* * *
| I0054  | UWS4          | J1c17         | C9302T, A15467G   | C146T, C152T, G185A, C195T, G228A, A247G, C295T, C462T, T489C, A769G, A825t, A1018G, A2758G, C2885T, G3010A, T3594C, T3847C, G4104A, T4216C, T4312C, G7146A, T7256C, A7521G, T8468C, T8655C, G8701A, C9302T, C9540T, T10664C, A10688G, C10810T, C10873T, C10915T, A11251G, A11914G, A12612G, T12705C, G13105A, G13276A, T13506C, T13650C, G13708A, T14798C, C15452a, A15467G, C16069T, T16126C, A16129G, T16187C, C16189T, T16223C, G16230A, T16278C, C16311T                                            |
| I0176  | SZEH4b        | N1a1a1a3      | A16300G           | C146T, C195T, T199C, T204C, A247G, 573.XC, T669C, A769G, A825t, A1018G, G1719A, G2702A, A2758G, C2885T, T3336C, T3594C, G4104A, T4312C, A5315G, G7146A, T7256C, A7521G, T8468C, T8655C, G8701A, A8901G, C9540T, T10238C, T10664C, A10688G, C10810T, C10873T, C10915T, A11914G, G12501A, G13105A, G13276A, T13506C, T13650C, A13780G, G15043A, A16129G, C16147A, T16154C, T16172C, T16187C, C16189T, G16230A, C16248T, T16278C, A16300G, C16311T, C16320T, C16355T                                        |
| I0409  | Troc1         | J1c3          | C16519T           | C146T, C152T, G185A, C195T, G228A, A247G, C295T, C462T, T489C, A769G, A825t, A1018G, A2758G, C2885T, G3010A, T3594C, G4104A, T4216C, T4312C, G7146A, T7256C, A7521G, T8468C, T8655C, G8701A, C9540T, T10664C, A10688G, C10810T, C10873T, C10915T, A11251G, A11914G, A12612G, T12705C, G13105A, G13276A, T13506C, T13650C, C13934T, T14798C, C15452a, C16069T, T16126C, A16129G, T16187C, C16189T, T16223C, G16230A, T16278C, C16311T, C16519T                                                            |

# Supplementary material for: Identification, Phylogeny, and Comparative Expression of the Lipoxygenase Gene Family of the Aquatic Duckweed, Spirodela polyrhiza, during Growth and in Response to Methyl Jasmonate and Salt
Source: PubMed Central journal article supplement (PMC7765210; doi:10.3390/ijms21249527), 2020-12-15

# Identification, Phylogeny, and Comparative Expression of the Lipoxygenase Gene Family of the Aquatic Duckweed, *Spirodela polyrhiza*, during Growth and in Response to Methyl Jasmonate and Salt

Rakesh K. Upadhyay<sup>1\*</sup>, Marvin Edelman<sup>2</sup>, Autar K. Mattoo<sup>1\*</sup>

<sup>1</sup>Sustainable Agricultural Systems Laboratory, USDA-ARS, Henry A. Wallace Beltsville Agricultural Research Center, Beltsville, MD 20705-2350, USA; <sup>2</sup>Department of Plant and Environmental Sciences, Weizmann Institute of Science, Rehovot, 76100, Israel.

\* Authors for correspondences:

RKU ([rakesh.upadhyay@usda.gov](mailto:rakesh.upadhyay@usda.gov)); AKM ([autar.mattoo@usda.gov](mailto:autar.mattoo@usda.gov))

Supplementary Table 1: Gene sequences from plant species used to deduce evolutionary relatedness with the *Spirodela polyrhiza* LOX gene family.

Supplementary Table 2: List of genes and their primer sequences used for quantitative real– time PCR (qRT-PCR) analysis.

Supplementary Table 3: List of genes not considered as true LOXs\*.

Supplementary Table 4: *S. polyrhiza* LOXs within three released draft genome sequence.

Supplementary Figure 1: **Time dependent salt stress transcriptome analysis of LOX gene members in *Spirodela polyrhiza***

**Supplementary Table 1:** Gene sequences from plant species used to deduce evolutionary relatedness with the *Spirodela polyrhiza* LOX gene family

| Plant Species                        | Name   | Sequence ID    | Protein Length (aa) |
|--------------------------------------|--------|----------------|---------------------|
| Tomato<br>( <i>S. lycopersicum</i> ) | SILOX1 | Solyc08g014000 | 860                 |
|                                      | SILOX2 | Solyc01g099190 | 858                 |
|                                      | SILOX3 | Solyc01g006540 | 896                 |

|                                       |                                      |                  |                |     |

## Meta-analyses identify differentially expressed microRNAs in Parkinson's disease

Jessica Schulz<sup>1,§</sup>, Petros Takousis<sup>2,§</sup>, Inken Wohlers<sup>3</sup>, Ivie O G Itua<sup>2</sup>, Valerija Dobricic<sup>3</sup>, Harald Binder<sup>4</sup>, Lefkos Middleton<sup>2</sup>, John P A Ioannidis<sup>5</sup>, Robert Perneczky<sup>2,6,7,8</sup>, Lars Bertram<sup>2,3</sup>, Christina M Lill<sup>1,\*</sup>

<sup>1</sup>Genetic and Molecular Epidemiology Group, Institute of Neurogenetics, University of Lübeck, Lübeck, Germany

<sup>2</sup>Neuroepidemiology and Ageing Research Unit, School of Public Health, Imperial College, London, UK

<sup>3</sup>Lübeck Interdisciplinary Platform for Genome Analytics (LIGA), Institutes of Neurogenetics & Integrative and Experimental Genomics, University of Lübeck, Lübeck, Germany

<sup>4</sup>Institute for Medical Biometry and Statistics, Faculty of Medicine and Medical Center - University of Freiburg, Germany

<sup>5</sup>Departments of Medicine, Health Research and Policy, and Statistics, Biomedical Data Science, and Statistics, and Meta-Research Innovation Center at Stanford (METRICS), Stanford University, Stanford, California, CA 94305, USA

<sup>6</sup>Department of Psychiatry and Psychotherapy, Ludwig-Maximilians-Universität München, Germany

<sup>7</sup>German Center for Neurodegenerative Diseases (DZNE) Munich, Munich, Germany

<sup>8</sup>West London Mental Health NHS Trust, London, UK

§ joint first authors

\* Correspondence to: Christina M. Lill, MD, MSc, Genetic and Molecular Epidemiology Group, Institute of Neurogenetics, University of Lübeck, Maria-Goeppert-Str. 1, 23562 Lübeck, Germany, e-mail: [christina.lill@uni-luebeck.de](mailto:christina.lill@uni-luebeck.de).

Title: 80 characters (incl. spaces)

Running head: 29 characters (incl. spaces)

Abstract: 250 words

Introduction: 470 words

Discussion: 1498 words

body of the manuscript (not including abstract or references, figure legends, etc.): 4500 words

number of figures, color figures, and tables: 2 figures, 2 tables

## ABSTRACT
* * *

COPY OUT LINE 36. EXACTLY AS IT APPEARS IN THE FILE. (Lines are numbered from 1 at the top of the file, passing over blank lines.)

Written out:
Running head: 29 characters (incl. spaces)